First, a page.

The Rialto Unified School District has decided not to ask its eighth-grade students to argue whether the Holocaust happened after the assignment came under fire.
The decision to revise the assignment came Monday after it drew criticism from the Anti-Defamation League and the Simon Wiesenthal Center, which called it “grotesque” in a statement issued that same day.
Rabbi Abraham Cooper, associate dean of the Los Angeles-based center, said the district’s “assignment mistakenly provides moral equivalency between history and bigotry.”
School administrators planned to “assure that any references to the Holocaust ‘not occurring’ would be stricken from any research assignment,” KTLA-TV reported, citing a district statement.
Students were asked to research and write an argumentative essay about whether the Holocaust actually occurred or if it was “merely a political scheme created to influence public emotion and gain wealth.”
They were required to analyze information from multiple, credible sources.
That is rich. Wait until you read, in a story from local news station KTLA, what those “multiple, credible sources” are.
The 18-page assignment instructions included three sources that students were told to use, including one that stated gassings in concentration camps were a “hoax” and that no evidence has shown Jews died in gas chambers.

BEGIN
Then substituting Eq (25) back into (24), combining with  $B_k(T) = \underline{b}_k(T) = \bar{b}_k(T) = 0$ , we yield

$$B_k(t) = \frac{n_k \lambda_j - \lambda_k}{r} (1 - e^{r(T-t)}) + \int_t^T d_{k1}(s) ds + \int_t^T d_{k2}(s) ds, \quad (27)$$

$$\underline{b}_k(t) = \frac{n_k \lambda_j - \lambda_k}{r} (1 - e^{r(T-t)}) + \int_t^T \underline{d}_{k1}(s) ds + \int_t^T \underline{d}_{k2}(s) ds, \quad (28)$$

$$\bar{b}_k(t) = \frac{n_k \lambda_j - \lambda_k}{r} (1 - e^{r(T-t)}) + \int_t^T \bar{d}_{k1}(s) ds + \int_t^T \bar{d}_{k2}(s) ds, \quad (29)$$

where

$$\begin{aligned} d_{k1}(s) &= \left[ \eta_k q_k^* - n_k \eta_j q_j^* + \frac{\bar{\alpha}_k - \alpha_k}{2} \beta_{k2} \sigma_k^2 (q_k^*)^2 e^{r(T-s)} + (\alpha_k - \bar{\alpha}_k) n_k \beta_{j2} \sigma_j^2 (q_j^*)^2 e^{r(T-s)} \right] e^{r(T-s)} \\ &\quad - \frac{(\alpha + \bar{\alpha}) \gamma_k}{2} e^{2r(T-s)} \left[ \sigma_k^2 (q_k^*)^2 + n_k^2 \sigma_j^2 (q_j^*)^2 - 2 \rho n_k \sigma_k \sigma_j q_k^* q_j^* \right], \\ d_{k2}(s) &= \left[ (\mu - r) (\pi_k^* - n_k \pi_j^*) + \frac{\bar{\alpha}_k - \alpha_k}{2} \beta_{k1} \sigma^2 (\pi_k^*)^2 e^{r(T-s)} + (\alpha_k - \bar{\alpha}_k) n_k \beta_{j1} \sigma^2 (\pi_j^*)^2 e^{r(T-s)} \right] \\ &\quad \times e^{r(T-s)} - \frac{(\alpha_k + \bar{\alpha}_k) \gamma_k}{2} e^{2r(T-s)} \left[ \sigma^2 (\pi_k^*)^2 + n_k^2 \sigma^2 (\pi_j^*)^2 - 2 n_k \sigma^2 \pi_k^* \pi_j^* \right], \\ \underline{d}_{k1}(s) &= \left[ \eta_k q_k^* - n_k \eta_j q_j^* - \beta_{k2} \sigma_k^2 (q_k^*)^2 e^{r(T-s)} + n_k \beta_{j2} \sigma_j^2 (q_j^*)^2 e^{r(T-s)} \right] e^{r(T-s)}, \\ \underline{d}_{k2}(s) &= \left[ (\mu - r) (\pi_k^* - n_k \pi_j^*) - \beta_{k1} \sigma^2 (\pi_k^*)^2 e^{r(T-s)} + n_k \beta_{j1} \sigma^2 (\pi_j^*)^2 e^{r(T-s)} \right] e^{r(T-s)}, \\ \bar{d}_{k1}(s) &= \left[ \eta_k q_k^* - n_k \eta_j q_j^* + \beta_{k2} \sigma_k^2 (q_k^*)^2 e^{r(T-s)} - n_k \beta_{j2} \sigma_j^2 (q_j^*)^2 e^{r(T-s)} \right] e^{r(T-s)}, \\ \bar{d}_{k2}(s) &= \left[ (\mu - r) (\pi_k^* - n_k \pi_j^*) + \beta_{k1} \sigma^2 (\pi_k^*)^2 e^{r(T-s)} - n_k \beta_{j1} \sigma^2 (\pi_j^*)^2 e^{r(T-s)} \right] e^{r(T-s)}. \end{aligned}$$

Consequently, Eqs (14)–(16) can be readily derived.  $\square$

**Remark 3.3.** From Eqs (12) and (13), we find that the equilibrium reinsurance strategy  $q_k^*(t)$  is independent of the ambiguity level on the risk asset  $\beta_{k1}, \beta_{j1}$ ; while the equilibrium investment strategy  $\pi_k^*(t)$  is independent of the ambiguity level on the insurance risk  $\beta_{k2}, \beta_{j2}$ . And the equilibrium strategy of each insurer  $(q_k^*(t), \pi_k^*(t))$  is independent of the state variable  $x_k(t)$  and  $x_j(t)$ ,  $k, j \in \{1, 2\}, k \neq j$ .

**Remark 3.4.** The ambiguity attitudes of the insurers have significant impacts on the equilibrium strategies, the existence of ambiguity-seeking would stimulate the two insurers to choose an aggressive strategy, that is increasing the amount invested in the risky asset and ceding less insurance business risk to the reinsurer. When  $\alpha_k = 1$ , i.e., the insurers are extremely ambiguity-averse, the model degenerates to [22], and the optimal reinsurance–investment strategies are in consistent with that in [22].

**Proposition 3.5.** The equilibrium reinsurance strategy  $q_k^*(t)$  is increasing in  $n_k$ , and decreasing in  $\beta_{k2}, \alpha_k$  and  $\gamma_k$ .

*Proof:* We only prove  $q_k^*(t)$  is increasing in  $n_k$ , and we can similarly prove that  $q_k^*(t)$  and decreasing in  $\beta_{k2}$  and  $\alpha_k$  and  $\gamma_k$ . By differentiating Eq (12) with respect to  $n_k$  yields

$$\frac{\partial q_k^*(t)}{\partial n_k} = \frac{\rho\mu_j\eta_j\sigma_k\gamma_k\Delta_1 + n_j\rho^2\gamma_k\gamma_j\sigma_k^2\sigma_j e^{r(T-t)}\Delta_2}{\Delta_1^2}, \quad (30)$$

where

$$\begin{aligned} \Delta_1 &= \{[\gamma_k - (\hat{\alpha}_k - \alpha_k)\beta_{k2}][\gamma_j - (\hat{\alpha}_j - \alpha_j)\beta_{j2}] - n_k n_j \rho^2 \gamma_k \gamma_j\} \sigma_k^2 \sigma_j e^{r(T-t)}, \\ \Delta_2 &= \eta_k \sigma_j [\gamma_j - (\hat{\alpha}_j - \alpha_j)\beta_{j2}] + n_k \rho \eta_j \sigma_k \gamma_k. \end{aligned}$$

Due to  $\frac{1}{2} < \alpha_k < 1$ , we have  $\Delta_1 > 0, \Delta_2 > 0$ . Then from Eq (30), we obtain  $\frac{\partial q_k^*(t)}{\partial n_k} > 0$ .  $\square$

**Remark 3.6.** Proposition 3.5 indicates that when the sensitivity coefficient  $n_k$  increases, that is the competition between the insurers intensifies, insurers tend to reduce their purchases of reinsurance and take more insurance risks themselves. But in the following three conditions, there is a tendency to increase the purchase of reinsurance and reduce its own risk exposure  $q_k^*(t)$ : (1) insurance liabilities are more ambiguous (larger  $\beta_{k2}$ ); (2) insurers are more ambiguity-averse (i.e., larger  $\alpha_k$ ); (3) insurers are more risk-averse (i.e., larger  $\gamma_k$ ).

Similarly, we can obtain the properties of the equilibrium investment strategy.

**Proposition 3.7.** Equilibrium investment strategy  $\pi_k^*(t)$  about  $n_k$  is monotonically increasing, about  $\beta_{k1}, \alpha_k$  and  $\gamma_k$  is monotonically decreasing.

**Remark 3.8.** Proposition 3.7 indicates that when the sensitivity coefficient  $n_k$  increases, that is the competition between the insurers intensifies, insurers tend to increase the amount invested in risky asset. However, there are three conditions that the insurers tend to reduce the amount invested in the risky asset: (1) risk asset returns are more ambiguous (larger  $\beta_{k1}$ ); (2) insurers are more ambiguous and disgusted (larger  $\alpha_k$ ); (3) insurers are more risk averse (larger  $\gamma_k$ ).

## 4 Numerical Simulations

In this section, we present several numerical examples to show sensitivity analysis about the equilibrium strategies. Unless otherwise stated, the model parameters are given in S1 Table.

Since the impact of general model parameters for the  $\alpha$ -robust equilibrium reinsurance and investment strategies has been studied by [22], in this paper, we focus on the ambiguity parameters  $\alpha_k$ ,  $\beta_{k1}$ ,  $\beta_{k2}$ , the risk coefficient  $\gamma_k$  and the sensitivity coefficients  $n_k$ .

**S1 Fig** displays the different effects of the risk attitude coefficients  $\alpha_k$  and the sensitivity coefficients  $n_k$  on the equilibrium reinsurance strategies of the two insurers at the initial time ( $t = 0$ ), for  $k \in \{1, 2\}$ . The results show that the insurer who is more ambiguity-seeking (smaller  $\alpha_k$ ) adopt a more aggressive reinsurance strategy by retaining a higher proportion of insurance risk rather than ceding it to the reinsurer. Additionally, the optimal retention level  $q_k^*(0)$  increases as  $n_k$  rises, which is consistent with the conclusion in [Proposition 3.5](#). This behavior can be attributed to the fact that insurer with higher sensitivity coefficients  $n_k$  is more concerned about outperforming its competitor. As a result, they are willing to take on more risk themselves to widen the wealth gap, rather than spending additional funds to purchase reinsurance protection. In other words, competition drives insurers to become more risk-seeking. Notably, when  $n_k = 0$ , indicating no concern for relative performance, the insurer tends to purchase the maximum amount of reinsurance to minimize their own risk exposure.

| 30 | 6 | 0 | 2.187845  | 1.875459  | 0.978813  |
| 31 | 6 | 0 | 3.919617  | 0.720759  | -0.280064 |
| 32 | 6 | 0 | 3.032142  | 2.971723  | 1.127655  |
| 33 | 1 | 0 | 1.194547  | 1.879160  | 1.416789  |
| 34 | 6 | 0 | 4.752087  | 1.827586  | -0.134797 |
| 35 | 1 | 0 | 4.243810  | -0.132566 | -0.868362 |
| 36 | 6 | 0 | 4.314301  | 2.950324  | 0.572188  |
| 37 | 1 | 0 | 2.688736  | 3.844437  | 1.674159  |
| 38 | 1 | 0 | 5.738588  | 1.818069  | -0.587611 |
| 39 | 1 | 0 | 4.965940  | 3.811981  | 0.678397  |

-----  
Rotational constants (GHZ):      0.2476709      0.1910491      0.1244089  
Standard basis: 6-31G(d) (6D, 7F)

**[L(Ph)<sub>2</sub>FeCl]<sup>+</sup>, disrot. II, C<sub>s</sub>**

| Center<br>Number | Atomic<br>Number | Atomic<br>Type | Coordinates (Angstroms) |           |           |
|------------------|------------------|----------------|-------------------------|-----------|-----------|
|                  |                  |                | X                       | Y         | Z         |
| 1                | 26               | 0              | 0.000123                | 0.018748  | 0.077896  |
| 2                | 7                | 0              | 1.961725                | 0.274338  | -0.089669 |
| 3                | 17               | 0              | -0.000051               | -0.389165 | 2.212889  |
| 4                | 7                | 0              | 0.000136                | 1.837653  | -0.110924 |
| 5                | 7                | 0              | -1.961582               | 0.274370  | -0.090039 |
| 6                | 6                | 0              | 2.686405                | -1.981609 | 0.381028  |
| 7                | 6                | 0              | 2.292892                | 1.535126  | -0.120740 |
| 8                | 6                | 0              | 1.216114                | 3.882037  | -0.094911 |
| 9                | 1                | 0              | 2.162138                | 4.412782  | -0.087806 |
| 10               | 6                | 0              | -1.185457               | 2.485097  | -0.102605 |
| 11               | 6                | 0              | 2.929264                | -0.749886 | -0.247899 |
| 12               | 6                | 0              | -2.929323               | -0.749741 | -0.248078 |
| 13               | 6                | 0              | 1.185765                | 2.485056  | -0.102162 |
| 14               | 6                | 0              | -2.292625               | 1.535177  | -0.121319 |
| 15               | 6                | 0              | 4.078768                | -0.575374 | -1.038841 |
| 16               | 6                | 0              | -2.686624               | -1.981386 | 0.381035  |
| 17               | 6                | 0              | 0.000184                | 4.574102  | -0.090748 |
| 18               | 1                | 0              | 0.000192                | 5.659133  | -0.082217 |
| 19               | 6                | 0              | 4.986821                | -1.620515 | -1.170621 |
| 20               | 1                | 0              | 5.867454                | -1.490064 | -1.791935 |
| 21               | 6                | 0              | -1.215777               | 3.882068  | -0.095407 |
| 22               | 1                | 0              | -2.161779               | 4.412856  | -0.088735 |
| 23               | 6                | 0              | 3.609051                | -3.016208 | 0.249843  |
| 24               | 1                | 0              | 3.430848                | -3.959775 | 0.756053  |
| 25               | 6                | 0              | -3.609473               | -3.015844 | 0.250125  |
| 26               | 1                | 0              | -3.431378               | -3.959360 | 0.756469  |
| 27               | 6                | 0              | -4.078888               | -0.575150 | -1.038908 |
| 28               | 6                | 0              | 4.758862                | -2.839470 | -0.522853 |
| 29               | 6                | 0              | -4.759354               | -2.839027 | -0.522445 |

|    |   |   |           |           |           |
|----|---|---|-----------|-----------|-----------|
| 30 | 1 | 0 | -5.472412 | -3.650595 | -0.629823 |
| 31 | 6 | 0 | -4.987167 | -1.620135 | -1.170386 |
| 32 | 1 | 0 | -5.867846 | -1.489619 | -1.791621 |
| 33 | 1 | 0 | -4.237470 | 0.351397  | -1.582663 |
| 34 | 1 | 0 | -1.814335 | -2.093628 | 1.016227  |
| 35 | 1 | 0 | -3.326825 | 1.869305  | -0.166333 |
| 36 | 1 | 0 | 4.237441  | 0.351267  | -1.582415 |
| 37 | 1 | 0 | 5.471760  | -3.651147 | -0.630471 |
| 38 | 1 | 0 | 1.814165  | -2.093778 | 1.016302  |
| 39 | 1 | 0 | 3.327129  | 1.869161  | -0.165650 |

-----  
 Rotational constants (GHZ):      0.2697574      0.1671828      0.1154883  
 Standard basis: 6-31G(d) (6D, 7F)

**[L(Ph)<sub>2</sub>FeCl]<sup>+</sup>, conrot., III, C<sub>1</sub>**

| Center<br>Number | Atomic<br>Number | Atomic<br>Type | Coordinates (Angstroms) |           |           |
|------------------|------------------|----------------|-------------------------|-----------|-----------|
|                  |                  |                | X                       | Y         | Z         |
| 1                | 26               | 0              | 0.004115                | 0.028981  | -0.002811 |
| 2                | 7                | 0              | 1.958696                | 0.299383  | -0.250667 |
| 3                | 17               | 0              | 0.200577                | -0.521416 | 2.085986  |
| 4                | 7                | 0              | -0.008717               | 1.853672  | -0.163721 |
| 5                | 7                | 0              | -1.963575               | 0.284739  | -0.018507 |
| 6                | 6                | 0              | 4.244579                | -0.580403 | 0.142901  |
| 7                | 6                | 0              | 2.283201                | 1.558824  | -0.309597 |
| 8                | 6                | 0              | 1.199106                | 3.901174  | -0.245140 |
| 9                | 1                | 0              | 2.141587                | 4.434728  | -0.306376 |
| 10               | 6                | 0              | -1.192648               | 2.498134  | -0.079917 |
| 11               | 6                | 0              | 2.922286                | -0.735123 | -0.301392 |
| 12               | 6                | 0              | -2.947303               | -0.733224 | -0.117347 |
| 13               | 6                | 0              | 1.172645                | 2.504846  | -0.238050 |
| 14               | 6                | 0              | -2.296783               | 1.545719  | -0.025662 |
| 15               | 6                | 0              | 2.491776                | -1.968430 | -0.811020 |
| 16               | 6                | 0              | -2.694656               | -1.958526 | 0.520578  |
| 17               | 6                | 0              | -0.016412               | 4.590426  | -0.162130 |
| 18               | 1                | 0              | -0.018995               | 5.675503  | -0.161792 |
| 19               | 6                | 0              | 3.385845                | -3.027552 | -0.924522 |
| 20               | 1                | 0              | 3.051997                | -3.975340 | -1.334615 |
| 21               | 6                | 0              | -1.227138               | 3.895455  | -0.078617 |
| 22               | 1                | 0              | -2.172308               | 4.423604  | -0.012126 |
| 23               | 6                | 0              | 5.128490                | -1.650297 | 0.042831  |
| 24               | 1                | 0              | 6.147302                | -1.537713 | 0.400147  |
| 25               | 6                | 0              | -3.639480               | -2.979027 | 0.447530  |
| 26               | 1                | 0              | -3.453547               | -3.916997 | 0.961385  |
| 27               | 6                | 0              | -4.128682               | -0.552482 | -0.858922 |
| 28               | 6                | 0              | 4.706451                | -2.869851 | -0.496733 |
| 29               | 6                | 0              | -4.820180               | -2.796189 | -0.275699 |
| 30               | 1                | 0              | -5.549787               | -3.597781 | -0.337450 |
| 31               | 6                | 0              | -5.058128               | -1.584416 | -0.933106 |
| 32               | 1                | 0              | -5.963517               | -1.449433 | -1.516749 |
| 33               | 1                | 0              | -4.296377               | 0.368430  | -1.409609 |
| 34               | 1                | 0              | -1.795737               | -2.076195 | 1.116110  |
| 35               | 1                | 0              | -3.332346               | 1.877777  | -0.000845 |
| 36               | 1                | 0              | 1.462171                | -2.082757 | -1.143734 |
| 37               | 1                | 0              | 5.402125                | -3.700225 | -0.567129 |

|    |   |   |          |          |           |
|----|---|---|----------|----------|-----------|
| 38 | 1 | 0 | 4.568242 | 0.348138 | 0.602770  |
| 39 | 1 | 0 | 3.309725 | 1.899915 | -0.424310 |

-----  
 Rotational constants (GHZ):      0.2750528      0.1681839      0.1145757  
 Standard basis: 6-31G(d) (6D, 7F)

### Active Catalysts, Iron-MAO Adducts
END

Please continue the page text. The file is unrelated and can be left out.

“With all this money at stake for Israel, it is easy to comprehend why this Holocaust hoax is so secretly guarded,” states the source, which is a attributed to a webpage on biblebelievers.org.au. “In whatever way you can, please help shatter this profitable myth. It is time we stop sacrificing America’s welfare for the sake of Israel and spend our hard-earned dollars on Americans.”
The other sources were from the websites history.com and about.com.
Ladies and gentlemen, I think we just discovered the root of the journalistic problem at the Los Angeles Times. When they base one of their stories on “multiple credible sources” they mean a collection of crackpots and random generalist Internet sites, including ones that rely one sites editable by anyone.
As Ed Morrissey aptly notes: “Really? Why not add Wikipedia in there, too? If the school wanted to teach critical thinking, why not start by teaching students to look for primary sources?”
Unlike many, I have mixed feelings about this assignment. In an ideal world of school competition, no subject should be off-limits for critical thinking — and, done correctly, this could be a smashing assignment. You get students to look at these sites, write their essays, and then hit them over the head with the facts. As Instapundit notes:
[W]hen then-Gen. Eisenhower liberated Europe from the Nazis, he very deliberately ordered their concentration camps to be filmed and otherwise thoroughly documented, lest such staggering atrocities become attributed to “propaganda.”
Yup. So what you do is, you let the kids do their research and write their papers. Then you tell them in no uncertain terms that this happened. That it was well documented. That the documentation was done for a reason: because we knew there would always be crackpots like that Internet page we showed you.
It would teach kids about the dangers of relying on random bullshit from the Internet. And that is an absolutely critical skill these days. One that L.A. Times reporters have not absorbed.
Here’s the problem. In a world where we get to choose our children’s schools, I could get behind an assignment like that, because I could have control over whether it’s done right — and if it’s not, I can go to the competition.
But I don’t trust government-run schools, with their allegiance to Common Core and all the rest, to do it right. And this story shows why.